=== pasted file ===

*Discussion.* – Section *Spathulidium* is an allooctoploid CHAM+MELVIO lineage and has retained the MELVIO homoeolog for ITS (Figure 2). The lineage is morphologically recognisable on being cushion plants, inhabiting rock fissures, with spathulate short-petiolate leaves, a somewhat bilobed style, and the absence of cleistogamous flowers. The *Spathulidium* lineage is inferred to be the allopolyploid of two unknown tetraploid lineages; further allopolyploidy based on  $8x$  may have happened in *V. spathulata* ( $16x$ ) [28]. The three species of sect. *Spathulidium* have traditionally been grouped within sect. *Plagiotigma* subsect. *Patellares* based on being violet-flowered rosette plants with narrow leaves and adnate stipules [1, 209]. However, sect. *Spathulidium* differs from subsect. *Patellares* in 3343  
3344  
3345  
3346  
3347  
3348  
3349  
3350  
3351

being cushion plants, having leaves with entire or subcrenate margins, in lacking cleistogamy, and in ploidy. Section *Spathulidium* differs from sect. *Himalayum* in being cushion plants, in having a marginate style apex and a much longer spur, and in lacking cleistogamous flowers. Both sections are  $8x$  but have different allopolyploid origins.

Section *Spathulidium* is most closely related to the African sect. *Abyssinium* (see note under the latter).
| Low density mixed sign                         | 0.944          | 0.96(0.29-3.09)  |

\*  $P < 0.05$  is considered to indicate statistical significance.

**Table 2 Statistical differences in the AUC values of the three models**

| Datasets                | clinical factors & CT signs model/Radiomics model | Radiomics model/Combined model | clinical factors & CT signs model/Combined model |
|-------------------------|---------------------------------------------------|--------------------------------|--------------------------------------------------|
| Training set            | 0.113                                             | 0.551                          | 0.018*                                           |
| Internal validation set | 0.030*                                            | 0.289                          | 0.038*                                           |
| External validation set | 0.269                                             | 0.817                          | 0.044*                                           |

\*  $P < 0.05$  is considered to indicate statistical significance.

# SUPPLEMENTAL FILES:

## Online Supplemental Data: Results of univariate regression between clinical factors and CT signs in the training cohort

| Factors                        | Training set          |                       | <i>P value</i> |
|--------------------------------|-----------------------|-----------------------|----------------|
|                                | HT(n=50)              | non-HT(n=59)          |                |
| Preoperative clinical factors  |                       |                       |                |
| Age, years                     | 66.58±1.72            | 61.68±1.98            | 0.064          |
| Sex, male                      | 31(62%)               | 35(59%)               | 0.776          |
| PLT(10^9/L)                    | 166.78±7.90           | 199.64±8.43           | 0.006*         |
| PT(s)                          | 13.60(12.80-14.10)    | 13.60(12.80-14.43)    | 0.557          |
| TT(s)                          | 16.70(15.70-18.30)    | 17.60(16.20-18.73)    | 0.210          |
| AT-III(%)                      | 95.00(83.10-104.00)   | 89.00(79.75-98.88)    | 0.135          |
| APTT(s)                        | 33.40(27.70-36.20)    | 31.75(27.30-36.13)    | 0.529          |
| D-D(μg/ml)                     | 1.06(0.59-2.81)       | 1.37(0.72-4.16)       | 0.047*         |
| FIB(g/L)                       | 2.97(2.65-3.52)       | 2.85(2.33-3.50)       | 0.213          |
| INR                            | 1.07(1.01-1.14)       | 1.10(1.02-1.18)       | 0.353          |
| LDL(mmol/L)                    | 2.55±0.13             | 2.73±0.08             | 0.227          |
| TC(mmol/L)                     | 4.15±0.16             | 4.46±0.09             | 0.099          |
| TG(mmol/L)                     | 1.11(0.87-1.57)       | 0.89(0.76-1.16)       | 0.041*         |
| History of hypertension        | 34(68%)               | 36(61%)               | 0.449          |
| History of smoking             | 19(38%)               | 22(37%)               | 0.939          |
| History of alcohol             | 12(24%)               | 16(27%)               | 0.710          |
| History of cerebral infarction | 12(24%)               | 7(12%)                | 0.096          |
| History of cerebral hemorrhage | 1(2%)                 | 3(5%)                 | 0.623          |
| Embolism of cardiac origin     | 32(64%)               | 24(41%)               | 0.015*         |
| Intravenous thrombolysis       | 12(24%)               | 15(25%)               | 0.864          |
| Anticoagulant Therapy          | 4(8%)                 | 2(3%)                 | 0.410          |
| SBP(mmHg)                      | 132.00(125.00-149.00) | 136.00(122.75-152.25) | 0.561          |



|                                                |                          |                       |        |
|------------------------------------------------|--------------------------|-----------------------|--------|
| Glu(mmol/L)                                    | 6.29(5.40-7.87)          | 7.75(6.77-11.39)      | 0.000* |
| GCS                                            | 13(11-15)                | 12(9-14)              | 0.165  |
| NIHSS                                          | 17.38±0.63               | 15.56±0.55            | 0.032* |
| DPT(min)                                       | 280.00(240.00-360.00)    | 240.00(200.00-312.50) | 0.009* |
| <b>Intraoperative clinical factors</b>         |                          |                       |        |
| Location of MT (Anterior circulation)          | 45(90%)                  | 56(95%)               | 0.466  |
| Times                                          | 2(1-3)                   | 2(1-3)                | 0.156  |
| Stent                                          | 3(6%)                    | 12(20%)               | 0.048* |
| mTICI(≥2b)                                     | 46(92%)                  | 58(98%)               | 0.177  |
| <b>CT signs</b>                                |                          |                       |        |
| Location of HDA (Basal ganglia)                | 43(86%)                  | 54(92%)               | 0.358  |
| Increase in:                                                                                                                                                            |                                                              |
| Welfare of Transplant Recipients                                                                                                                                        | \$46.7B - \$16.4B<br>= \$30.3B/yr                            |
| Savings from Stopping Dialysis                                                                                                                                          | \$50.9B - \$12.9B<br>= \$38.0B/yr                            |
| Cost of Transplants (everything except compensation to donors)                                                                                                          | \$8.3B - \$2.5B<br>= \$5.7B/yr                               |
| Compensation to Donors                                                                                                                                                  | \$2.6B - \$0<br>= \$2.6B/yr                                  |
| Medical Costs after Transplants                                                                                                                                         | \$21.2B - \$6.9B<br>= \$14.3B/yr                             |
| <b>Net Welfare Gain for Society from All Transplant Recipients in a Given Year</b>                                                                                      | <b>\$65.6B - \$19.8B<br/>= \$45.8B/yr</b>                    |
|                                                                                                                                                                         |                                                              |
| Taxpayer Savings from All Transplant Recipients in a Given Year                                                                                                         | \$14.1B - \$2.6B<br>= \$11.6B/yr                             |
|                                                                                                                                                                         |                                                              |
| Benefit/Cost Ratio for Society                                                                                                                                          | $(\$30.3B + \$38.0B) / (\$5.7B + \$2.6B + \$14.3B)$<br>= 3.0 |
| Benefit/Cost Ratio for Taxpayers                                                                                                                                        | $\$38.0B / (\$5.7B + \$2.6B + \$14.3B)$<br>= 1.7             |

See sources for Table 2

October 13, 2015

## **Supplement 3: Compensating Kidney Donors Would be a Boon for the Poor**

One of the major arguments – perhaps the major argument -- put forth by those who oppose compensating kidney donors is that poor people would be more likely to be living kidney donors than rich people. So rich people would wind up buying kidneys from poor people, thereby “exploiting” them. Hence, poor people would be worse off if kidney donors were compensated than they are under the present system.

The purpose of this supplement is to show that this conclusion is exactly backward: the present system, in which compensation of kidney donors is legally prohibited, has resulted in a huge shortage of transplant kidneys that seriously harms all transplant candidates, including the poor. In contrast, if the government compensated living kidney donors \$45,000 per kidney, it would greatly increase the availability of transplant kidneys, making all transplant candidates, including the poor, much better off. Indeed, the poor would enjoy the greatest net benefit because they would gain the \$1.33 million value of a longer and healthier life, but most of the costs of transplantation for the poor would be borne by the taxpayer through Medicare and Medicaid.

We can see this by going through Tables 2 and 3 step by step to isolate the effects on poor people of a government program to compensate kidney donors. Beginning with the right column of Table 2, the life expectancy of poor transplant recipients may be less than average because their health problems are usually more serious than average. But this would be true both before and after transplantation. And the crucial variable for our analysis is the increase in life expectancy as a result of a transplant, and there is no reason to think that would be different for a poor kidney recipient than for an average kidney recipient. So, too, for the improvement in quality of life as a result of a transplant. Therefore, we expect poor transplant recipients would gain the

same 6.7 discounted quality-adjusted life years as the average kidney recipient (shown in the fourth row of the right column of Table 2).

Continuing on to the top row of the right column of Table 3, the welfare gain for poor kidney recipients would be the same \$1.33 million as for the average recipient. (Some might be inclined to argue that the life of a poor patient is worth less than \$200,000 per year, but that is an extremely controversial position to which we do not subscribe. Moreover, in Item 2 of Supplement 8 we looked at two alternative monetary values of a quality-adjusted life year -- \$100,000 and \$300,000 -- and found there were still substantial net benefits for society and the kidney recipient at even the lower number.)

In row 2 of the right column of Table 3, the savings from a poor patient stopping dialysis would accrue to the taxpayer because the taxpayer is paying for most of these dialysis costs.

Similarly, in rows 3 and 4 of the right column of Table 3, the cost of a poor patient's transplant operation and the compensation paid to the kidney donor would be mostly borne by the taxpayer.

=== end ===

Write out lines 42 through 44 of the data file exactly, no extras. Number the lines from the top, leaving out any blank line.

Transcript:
| History of alcohol             | 12(24%)               | 16(27%)               | 0.710          |
| History of cerebral infarction | 12(24%)               | 7(12%)                | 0.096          |
| History of cerebral hemorrhage | 1(2%)                 | 3(5%)                 | 0.623          |